(Note: This article appeared in the newsletter on May 29, 2022, and has been updated as needed. This is a Canadian company listed on the NYSE and the TSX that reports in Canadian dollars unless otherwise noted.)
Crescent Point Energy Corp. (NYSE:CPG, TSX:CPG:CA) is a Canadian company that also trades on the NYSE. That gives this company a little more exposure than is the case for many Canadian companies as well as access to the United States debt market. The company has projects on both sides of the border to minimize any adverse effects of currency exchange swings. It also has an acquisition that will likely continue to provide a positive earnings influence that is not available to many of its peers of a similar size.
Larger companies like Crescent Point do not generally appreciate as much as do smaller companies. The reason is that the established production base is much larger. Therefore, the logistics challenges of growing fast can be very formidable. Smaller brethren can often add a rig or sometimes half a rig and show tremendous growth from a smaller established production base. That is not an option for this company.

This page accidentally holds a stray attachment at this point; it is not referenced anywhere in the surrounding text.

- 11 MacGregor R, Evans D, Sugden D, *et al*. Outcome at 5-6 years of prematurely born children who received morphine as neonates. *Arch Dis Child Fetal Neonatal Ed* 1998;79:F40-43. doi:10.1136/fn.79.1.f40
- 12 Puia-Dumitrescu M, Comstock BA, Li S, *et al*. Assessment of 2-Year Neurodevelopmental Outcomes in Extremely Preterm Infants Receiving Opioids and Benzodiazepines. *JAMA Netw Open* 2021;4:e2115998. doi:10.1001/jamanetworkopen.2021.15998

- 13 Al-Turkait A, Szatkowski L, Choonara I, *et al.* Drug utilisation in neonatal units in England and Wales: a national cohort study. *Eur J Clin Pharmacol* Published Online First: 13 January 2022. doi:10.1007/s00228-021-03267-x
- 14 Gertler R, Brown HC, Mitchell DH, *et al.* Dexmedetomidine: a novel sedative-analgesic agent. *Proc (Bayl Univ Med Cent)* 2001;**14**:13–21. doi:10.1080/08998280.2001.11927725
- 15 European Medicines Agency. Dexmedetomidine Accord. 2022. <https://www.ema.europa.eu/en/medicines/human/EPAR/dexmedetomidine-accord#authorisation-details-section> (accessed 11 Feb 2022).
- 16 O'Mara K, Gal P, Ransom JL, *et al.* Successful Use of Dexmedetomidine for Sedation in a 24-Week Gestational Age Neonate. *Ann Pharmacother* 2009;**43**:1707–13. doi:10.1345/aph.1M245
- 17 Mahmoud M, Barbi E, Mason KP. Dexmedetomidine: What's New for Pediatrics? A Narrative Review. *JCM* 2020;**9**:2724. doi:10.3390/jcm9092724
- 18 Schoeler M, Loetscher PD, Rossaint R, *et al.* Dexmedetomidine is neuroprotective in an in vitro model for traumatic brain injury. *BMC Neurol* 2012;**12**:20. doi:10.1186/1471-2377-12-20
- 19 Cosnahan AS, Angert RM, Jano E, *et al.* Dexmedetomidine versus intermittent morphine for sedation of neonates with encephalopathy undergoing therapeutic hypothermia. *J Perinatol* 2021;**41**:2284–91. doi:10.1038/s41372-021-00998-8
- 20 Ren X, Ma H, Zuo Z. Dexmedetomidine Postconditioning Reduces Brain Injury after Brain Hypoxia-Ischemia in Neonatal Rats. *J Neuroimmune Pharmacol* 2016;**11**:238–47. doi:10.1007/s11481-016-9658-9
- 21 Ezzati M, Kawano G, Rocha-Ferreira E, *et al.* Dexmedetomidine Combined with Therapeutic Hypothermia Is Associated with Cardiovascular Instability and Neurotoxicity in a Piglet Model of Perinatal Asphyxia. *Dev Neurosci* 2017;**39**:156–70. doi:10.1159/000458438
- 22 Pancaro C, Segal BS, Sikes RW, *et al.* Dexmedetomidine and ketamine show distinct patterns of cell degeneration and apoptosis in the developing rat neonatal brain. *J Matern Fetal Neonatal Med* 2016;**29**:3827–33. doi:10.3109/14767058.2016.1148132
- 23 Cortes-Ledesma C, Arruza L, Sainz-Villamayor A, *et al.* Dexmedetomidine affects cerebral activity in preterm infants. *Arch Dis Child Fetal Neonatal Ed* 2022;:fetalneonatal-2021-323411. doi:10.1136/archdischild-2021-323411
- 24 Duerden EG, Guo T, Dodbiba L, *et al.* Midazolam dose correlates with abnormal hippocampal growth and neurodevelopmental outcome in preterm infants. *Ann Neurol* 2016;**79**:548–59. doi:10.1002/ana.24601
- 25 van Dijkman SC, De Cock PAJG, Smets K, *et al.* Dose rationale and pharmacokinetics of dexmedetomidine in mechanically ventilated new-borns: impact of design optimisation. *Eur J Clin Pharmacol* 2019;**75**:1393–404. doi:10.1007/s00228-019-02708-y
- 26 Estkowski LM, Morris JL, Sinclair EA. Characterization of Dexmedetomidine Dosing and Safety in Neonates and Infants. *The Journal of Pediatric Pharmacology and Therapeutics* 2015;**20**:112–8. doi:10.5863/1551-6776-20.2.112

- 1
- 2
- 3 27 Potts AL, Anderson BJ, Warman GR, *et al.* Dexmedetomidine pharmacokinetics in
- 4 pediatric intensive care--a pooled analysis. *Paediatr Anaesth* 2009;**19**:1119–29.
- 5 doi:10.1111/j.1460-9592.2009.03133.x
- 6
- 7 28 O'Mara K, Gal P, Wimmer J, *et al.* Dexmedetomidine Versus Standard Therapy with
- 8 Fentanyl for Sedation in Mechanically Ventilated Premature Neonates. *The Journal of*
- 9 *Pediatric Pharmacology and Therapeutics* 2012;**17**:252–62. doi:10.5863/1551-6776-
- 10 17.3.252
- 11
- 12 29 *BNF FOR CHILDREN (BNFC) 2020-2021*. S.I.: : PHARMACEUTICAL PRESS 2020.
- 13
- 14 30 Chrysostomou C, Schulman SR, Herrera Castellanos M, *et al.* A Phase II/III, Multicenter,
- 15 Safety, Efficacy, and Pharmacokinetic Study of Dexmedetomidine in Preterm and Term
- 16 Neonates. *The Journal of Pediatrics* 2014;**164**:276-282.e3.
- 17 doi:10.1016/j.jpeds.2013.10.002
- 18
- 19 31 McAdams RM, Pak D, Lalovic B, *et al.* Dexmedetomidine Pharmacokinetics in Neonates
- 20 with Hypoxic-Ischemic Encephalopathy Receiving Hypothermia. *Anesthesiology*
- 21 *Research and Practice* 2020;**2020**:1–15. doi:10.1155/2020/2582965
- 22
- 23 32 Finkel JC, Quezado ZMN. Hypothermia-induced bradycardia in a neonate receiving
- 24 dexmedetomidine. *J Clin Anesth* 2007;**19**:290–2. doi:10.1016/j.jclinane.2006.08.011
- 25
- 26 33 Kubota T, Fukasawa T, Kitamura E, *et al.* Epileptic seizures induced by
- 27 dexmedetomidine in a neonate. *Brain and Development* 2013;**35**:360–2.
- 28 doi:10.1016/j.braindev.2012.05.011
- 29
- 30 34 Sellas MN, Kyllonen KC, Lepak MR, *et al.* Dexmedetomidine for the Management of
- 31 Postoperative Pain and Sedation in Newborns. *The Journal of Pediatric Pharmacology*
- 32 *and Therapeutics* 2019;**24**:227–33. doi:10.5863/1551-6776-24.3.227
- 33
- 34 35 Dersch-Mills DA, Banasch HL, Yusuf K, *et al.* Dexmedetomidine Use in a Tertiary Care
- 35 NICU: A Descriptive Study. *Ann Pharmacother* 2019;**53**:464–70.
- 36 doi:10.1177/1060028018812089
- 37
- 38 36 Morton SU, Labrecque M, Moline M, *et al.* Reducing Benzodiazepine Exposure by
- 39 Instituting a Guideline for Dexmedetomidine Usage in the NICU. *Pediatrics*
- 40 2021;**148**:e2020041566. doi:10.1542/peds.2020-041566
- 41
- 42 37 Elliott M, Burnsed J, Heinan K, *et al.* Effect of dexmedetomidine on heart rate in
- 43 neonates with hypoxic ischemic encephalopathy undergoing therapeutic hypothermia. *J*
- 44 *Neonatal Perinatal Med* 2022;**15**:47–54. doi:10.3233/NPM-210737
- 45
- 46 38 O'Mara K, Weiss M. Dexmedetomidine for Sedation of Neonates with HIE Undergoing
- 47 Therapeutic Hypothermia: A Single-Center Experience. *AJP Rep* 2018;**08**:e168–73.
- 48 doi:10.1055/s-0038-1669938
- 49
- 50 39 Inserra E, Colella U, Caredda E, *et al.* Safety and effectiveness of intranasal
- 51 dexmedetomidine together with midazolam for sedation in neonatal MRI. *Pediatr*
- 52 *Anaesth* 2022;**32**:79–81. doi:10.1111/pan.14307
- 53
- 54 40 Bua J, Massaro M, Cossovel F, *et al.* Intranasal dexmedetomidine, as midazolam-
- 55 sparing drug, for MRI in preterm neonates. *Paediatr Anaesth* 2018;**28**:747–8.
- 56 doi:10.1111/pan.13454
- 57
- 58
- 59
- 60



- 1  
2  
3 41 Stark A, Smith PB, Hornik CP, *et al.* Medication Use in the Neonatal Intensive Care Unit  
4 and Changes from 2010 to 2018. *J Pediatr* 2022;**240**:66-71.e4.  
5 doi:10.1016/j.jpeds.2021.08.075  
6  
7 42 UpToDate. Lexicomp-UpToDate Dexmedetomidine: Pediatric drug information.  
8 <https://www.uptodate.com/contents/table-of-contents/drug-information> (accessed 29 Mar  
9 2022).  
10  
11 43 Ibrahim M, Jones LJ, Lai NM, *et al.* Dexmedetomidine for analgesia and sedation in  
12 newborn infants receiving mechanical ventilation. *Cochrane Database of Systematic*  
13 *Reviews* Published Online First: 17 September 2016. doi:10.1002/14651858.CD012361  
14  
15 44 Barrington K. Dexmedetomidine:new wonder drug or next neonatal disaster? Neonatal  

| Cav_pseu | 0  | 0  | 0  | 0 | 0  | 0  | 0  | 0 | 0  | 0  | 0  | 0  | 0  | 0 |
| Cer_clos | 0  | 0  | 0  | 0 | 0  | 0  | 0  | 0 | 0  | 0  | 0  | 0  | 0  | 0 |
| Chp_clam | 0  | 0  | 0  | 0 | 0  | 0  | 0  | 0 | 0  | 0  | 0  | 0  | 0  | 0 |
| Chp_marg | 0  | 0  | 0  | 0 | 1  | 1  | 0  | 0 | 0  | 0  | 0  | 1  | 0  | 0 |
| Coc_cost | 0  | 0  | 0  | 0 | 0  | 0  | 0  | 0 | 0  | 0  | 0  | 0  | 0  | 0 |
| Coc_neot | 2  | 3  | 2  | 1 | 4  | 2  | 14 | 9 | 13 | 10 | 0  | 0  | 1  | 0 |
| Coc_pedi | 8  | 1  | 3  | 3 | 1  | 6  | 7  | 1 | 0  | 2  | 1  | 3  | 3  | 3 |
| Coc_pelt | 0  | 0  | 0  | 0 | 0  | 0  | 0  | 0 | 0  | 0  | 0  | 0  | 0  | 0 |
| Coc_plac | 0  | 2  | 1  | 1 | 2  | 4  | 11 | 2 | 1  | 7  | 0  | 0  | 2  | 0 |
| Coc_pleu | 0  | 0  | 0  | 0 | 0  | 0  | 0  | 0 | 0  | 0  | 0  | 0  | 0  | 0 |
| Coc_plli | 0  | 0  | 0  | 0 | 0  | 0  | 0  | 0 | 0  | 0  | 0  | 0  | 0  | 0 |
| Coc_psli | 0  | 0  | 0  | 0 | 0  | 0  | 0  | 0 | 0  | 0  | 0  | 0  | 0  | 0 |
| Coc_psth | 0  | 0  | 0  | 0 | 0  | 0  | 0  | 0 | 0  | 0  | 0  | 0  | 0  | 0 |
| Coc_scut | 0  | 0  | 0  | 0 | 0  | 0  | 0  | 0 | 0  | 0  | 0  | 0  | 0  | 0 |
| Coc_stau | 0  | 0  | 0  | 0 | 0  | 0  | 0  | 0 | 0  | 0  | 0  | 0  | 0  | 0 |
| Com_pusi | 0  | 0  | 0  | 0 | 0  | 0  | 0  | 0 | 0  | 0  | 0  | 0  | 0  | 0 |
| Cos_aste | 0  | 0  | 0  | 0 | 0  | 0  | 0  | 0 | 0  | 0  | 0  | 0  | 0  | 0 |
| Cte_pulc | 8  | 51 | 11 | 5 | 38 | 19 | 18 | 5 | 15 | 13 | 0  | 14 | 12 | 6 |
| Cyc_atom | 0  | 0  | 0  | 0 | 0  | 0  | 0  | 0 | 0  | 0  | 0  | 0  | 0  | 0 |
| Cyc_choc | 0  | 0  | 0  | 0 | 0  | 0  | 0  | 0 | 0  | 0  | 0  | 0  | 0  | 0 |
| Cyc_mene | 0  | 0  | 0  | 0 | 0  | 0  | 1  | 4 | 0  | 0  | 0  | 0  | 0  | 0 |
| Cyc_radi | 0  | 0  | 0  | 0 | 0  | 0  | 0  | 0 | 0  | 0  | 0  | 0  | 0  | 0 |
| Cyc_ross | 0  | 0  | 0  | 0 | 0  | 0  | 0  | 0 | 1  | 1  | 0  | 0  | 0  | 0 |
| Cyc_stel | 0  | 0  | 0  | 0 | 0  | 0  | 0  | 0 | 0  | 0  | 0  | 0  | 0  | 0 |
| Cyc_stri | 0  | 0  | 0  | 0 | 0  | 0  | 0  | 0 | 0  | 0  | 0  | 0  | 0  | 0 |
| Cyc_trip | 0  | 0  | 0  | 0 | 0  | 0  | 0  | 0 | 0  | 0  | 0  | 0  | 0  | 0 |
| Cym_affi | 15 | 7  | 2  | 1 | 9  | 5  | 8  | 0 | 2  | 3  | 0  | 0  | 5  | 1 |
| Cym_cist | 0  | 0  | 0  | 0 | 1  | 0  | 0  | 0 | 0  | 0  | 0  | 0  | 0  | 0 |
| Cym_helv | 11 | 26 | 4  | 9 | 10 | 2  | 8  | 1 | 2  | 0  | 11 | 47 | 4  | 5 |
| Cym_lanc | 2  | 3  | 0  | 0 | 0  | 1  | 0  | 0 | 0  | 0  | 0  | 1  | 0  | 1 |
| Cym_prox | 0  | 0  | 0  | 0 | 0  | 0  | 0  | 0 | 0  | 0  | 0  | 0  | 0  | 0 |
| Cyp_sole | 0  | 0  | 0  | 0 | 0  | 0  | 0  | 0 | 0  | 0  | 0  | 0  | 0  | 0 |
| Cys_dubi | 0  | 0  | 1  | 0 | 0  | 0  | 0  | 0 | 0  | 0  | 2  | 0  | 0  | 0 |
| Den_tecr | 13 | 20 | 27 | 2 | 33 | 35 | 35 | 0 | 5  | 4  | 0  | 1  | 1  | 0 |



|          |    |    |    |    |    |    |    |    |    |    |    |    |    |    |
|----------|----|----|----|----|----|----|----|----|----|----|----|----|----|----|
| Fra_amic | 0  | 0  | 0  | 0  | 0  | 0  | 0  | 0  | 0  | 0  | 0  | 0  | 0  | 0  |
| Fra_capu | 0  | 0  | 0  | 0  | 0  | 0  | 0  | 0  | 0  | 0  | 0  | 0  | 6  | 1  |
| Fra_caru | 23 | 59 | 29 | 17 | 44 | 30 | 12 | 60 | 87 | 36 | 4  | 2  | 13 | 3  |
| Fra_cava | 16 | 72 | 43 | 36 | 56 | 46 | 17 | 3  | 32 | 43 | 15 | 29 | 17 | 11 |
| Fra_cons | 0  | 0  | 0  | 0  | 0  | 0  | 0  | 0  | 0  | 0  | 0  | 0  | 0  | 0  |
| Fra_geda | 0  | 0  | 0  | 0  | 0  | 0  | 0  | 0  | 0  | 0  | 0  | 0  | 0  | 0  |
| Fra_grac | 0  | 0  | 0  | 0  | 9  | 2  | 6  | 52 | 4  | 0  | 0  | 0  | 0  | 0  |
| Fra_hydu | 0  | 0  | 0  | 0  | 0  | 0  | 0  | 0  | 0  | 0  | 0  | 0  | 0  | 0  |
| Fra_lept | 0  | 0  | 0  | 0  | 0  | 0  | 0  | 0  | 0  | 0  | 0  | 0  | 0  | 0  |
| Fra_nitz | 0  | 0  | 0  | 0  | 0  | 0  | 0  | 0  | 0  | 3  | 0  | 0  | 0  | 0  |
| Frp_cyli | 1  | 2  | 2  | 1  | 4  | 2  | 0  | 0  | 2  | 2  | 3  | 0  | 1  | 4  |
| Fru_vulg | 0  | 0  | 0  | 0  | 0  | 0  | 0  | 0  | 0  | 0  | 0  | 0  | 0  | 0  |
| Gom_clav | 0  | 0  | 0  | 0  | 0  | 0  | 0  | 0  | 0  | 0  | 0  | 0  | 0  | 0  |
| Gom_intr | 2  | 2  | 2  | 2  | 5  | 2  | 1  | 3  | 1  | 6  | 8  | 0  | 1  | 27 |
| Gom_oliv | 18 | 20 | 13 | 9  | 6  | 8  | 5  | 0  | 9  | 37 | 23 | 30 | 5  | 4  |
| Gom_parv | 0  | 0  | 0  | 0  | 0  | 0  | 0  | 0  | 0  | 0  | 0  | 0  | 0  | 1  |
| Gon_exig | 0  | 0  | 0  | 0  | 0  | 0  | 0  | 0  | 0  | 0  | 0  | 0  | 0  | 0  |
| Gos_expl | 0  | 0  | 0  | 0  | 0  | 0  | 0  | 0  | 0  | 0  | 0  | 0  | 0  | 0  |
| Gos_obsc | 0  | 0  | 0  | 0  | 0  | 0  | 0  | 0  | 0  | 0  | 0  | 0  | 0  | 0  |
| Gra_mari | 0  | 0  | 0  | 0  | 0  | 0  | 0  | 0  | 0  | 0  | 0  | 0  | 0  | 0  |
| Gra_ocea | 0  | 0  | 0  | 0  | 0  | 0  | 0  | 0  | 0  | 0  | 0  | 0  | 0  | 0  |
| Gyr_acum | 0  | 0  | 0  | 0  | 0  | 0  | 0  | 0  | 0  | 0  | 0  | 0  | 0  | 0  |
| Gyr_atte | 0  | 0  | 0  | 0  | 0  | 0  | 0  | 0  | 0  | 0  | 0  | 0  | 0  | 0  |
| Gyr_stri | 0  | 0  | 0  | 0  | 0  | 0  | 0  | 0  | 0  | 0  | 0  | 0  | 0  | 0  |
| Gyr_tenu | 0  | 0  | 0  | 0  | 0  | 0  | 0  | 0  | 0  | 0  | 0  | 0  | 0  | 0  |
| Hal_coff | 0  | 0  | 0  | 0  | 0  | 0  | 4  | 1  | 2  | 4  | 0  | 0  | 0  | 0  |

But an acquisition, if done correctly, often changes the profitability mix of the acquiring company for a few years to enable more per share growth than peers of a similar size. Such an acquisition can be enhanced by the periodic sale of higher cost production (and then plowing that money back into new lower cost wells).
Crescent Point management has spent the last few years materially changing the company. This is really the first business cycle where the results can be seen. As those results become apparent, Mr. Market may look at the company in a far more positive light than has been the case in the past. In fact, at some point, the company could be acquired now that it is in far better shape than was the case a few years back.
A lot of companies during a boom often talk about cost reductions. They then scramble to reduce costs a lot more during the next cyclical downturn.
(Canadian Dollars Unless Otherwise Noted)
Management has kept the focus on extra cash flow at considerably lower prices. There is additional cost reduction progress in the form of continuing technology advances throughout the industry. The near term was updated with the second quarter report. In the meantime, the slide above remains unchanged (and for good reason as this industry is very volatile).
Management has an advantage in the form of some competitive secondary recovery prospects that have very low production decline profiles to lower the company average production decline each year. This means that there is less maintenance capital needed to maintain production than is the case with competitors that are strictly unconventional.